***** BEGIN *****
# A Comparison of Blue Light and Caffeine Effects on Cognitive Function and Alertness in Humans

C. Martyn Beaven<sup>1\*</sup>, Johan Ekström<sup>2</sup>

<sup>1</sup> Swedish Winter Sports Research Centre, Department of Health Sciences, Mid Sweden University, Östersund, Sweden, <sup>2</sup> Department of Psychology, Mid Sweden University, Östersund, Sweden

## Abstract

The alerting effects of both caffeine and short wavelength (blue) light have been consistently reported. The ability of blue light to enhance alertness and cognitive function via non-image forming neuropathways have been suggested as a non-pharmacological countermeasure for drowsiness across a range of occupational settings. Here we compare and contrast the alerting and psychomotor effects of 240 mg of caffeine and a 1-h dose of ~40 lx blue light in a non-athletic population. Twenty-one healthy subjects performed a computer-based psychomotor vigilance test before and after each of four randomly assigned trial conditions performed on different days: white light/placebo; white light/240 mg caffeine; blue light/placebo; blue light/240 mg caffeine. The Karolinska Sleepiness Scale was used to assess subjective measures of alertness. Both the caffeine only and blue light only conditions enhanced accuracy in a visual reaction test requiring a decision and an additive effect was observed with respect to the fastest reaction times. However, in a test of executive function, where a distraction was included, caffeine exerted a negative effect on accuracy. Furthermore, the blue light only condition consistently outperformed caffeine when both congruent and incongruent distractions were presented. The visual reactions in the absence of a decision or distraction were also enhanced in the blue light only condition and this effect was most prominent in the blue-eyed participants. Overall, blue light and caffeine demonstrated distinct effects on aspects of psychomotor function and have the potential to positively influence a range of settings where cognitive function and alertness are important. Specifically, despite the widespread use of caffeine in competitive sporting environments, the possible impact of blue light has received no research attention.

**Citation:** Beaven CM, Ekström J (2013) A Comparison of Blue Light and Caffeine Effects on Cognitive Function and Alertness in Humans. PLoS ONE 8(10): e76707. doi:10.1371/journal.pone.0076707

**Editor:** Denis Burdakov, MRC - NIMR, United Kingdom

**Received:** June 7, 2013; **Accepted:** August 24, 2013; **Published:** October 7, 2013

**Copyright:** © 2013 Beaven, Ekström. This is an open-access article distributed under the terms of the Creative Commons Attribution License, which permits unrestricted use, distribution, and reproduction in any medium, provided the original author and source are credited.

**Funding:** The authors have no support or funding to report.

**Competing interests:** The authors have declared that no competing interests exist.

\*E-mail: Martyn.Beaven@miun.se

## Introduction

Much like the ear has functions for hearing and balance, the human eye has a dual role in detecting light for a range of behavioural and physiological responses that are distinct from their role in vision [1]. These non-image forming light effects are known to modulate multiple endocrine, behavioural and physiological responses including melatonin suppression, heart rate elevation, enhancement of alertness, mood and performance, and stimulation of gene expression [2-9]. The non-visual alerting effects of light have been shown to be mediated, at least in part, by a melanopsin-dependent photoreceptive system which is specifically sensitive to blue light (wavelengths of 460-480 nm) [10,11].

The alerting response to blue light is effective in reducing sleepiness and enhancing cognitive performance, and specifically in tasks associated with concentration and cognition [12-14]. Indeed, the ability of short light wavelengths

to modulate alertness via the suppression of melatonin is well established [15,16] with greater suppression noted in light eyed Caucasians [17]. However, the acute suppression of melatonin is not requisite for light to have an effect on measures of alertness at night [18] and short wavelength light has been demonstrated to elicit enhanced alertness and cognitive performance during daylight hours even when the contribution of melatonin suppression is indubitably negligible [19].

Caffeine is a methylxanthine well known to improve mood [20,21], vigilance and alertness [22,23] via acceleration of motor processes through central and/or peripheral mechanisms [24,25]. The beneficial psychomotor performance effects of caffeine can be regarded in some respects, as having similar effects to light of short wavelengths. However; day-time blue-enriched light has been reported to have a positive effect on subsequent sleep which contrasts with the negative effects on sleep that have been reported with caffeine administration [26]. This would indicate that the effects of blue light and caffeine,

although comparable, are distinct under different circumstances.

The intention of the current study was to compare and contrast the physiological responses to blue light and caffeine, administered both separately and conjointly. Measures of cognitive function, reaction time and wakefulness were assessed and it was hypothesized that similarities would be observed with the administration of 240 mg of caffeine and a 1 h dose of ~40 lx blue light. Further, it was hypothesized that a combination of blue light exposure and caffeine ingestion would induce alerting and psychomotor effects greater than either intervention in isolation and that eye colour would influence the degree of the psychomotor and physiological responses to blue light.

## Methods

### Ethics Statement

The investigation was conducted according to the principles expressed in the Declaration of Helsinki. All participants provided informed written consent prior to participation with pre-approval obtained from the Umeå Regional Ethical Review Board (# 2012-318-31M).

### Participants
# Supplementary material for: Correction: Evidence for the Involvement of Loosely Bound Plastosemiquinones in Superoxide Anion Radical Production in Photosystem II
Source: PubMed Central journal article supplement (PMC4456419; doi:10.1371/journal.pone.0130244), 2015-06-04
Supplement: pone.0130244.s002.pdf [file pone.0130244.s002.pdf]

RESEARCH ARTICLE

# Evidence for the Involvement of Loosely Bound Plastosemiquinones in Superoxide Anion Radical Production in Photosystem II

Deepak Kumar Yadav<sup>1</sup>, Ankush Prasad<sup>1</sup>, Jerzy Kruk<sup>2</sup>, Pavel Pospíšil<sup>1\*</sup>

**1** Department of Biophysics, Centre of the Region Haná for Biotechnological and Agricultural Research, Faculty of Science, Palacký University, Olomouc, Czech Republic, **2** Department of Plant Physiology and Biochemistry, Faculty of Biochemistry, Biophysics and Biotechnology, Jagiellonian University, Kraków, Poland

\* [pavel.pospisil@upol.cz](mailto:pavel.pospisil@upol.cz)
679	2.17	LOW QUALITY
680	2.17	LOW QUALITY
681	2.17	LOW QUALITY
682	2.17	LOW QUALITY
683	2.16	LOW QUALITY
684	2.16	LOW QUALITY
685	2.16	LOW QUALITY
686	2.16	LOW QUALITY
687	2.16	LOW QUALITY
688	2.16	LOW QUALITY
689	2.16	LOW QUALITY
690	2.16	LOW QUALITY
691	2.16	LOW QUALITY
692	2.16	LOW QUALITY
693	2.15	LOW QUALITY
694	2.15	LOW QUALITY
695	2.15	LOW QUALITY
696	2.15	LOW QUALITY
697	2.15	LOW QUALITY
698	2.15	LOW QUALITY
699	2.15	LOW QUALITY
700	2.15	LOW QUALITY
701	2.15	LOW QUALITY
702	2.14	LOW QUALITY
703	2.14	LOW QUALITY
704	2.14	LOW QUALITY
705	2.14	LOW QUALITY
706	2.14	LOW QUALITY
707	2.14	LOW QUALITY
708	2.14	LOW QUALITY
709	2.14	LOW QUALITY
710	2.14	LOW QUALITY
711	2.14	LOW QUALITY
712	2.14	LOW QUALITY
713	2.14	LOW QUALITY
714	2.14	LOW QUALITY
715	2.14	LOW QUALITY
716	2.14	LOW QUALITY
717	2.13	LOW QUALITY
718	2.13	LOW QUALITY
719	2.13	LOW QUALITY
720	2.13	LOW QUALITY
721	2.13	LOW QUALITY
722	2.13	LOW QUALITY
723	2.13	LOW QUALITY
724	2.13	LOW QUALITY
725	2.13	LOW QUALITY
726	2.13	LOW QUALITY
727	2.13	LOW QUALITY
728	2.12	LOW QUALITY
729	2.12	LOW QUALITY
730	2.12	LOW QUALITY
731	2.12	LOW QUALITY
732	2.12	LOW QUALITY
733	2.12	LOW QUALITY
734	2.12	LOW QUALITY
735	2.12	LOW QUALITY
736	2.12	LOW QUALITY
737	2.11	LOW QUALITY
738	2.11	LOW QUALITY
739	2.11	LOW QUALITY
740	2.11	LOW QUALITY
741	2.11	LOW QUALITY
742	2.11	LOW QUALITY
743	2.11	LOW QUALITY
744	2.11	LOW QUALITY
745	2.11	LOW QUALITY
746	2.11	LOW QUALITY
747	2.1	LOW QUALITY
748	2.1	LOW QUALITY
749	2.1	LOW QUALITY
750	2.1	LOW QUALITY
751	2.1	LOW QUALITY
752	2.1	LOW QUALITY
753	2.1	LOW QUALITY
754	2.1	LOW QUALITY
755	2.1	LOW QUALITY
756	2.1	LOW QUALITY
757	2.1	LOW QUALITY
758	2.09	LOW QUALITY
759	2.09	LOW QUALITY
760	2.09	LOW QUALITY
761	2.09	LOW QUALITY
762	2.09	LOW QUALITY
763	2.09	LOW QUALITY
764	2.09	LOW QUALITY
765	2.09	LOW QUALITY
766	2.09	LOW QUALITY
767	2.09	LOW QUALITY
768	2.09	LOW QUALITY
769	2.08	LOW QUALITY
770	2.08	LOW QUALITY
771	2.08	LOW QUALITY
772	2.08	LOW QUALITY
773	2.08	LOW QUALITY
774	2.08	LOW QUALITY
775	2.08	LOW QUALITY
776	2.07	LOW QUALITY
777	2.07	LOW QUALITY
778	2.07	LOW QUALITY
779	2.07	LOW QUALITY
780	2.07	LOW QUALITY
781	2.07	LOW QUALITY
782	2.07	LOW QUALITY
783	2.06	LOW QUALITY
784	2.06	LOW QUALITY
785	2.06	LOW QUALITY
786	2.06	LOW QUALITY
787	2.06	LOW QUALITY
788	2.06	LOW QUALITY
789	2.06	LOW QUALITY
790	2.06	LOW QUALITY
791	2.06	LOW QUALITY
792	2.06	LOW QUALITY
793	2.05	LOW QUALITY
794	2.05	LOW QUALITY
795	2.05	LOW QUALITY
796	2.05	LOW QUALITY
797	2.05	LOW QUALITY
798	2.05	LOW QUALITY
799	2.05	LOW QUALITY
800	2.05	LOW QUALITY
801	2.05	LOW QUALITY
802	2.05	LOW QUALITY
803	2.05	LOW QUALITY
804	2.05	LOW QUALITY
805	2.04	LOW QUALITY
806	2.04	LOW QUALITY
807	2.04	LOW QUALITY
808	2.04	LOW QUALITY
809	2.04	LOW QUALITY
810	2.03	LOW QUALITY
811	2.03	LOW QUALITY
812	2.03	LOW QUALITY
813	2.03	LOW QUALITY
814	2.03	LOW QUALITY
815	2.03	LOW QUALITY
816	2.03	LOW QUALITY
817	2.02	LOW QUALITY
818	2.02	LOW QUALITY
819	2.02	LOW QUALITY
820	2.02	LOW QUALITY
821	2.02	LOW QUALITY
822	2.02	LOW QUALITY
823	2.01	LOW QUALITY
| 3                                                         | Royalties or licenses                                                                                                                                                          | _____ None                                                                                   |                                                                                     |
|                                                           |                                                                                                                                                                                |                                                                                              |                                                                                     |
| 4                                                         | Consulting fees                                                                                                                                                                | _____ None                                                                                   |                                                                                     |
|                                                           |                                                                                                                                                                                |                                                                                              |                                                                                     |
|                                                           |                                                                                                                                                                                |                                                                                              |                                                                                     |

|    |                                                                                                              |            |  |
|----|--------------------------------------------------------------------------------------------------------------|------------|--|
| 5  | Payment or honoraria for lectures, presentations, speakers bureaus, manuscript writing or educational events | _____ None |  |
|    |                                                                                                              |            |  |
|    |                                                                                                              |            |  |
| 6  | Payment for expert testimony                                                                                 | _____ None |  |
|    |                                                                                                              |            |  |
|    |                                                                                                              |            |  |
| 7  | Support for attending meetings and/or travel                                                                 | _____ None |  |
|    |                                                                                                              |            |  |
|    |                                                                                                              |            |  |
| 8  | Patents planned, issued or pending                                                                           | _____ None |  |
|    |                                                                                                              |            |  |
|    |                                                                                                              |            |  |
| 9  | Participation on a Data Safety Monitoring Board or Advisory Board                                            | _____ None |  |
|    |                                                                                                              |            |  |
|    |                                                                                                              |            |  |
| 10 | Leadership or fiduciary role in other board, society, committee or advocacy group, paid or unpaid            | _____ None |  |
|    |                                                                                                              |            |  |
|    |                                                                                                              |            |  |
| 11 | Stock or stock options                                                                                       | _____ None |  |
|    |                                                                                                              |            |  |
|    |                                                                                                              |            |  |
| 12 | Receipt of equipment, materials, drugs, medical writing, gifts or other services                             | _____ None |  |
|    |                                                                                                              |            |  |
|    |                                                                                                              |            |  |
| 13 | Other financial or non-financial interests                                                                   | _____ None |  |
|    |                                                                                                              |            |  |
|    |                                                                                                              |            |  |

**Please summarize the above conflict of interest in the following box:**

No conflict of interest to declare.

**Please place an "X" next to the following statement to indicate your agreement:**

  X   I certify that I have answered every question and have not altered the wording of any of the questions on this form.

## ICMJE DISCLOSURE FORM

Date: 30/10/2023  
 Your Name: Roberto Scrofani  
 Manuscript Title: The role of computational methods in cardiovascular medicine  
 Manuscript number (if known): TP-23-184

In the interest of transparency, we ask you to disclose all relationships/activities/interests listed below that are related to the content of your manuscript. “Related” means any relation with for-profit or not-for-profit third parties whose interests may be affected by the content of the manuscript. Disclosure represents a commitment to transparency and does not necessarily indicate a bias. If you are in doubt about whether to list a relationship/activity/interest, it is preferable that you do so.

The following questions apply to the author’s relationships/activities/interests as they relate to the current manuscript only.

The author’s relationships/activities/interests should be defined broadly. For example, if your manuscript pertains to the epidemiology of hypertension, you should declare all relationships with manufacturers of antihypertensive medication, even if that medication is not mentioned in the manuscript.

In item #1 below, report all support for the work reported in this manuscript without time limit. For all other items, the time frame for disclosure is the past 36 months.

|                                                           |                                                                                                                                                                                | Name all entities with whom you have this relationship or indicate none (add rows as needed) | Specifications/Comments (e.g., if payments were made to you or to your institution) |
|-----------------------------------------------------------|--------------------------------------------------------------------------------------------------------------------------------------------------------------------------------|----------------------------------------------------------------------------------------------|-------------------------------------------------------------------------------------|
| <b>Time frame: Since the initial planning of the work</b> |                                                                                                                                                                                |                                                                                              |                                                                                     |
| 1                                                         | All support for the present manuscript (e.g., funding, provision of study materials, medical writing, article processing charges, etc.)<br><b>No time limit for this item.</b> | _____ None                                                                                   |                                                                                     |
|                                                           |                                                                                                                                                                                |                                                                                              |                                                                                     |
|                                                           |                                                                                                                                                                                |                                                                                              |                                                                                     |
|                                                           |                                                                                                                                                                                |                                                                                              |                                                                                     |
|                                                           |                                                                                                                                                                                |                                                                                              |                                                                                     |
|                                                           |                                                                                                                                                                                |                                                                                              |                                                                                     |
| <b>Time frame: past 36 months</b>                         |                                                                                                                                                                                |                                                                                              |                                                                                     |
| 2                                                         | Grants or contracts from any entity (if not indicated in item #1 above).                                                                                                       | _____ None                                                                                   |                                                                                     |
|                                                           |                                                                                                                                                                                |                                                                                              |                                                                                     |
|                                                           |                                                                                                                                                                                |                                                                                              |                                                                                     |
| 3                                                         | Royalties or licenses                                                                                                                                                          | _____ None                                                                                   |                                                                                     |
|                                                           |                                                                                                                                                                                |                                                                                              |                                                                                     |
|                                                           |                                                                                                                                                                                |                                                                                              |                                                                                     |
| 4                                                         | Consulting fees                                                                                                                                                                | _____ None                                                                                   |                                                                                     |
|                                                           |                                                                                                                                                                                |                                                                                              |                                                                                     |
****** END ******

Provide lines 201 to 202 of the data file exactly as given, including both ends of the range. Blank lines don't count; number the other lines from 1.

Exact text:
|    |                                                                                                              |            |  |
| 11 | Stock or stock options                                                                                       | _____ None |  |